Market mechanisms, such as reverse auctions which the UK has used to great effect to build the world’s largest offshore wind sector, can help nations develop renewables quickly and cost-effectively. The cost of British offshore wind has tumbled from over £140 per megawatt hour in 2015 to less than £40 per megawatt hour. The UK government has achieved this through reducing risk for investors, because the auctions award contracts to generators with guaranteed minimum prices for 15 years, while unleashing fierce competition between projects.

But what about when the wind doesn’t blow or the sun doesn’t shine? Doesn’t this approach leave us once again dependent on gas back-up generation, and therefore at the mercy of volatile international fossil fuel markets? Firstly, the intermittency problem shouldn’t be overstated. Solar energy is increasingly efficient and predictable, capable of generating energy even when there are clouds. Similarly, modern offshore wind turbines, which are now as tall as the Shard in some cases, are able to generate electricity more consistently.

All the same, other technologies are needed for a modern, reliable energy grid. Batteries are good for short-term storage, but are currently being held back by various regulatory barriers that fail to recognise them properly as energy generators and prevent them participating in certain markets. And for long-duration storage, at least part of the solution will be to invest in green hydrogen R&D, which is produced using renewable energy and water, and which can be stored and burnt in power stations when required.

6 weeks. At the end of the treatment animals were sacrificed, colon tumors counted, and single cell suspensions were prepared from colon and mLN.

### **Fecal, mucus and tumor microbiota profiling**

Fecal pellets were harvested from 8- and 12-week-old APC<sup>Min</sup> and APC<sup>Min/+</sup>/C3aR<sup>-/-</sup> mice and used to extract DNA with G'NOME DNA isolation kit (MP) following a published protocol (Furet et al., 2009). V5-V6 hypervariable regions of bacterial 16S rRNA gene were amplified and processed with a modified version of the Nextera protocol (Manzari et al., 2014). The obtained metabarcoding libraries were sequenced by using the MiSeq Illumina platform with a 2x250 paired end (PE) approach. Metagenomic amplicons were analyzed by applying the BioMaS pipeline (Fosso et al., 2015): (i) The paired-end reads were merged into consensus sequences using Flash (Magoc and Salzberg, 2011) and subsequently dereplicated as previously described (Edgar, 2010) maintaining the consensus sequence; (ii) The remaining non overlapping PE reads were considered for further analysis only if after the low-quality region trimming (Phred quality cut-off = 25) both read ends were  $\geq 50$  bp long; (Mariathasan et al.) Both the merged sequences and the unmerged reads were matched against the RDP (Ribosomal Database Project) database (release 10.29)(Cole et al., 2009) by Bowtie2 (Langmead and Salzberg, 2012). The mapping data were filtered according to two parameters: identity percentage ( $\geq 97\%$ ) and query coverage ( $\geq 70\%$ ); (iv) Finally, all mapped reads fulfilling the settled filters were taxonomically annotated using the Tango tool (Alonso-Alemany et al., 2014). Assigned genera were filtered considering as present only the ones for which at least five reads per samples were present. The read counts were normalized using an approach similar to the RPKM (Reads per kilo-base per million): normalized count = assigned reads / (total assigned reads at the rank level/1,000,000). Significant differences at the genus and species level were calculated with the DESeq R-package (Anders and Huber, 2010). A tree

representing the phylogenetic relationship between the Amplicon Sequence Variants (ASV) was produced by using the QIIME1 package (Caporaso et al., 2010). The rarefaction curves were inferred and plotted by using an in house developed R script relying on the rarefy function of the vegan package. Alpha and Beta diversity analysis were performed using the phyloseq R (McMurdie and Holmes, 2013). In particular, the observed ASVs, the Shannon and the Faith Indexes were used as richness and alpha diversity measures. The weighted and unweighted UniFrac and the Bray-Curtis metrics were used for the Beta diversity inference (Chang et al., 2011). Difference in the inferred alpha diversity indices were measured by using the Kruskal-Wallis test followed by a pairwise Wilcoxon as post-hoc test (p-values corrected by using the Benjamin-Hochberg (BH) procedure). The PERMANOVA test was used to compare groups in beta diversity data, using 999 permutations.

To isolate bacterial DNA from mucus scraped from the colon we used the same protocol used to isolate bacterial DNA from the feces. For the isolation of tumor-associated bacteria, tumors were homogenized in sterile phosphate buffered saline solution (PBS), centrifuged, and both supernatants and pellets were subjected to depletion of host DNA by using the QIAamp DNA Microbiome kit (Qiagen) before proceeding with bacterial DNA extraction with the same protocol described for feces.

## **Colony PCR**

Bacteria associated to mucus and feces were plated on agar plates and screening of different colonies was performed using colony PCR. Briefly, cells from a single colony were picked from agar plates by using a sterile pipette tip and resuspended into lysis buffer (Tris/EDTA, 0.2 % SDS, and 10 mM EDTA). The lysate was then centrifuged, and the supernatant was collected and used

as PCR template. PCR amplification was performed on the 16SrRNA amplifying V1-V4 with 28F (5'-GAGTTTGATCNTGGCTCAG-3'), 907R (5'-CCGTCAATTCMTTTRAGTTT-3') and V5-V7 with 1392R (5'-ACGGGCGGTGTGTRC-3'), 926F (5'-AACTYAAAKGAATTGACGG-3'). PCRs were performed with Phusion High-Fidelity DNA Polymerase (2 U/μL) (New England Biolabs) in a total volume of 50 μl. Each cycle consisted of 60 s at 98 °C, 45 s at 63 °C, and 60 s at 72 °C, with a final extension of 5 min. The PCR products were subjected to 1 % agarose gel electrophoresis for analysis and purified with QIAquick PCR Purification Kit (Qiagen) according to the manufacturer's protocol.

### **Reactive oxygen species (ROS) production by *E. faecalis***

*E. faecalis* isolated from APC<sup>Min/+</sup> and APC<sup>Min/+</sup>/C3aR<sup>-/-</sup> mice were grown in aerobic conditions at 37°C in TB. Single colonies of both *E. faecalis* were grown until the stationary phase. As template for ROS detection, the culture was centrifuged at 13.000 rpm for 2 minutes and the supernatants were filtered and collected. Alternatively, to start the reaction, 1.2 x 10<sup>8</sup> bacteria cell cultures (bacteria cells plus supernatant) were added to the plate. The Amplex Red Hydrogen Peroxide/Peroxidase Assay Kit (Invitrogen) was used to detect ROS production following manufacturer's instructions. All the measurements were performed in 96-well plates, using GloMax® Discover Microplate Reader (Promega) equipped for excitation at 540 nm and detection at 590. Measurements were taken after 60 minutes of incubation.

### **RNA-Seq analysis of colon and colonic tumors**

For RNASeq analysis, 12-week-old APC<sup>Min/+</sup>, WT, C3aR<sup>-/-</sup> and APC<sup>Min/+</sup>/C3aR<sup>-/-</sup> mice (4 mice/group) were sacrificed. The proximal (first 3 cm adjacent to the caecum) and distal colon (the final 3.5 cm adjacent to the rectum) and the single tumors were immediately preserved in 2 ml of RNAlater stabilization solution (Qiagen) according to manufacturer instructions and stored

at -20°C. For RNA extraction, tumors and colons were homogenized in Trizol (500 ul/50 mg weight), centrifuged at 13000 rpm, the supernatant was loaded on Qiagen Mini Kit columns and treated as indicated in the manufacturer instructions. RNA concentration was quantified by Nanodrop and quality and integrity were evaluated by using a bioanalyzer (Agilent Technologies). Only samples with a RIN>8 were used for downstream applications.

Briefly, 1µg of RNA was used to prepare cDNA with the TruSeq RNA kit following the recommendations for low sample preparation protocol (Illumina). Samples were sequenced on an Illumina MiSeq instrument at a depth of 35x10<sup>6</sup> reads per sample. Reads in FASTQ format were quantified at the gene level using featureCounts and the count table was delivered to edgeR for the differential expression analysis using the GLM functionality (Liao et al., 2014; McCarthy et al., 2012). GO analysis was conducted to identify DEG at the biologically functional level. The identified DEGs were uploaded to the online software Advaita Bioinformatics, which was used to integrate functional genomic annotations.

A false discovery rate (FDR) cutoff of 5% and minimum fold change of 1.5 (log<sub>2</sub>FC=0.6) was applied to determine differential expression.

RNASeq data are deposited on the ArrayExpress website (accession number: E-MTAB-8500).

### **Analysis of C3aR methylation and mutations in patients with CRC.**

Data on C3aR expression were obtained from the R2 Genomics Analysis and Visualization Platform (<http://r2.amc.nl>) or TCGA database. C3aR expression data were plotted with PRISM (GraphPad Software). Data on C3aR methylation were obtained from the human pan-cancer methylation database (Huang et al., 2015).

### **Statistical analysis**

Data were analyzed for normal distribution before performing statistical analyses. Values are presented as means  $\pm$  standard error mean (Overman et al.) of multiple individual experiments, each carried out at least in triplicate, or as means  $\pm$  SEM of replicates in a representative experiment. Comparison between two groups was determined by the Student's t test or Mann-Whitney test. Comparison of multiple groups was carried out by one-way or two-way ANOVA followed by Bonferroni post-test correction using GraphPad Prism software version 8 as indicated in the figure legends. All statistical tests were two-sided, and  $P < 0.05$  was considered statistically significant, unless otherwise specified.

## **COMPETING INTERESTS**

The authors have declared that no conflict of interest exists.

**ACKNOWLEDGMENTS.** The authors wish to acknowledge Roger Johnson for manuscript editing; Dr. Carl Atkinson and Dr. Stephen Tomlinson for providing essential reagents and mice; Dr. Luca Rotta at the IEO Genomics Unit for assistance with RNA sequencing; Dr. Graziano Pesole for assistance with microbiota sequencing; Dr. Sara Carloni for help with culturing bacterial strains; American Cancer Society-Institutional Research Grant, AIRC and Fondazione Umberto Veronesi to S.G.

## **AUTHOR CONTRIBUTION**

A more market-friendly European energy policy should also include the liberalisation of cross-border energy trading. When there’s no sun in Spain because it’s night-time, the wind might be blowing on the south coast of the UK. And when the wind isn’t blowing off the east coast of Scotland, hydro will be generating electricity in Norway. Joining up the continent’s electricity grid, and making it easier to buy and sell electricity across borders, helps countries keep the lights on in a cost-effective way, without needing to rely on volatile gas as a back-up.

Conservatives are instinctively free traders. We should be free traders in relation to energy too. Nations can avoid becoming too dependent on any one neighbour for their energy imports by diversifying their interconnectors. Multiple trading links, together with thriving domestic production, is the best formula for energy security.

Although many of these changes are already happening, this transformation of the European energy market will take several years to yield results in terms of prices. But it is imperative that regulators and governments act now to mitigate future crises and make our energy system more resilient in the long term.

 

Sam Hall is Director of the Conservative Environment Network.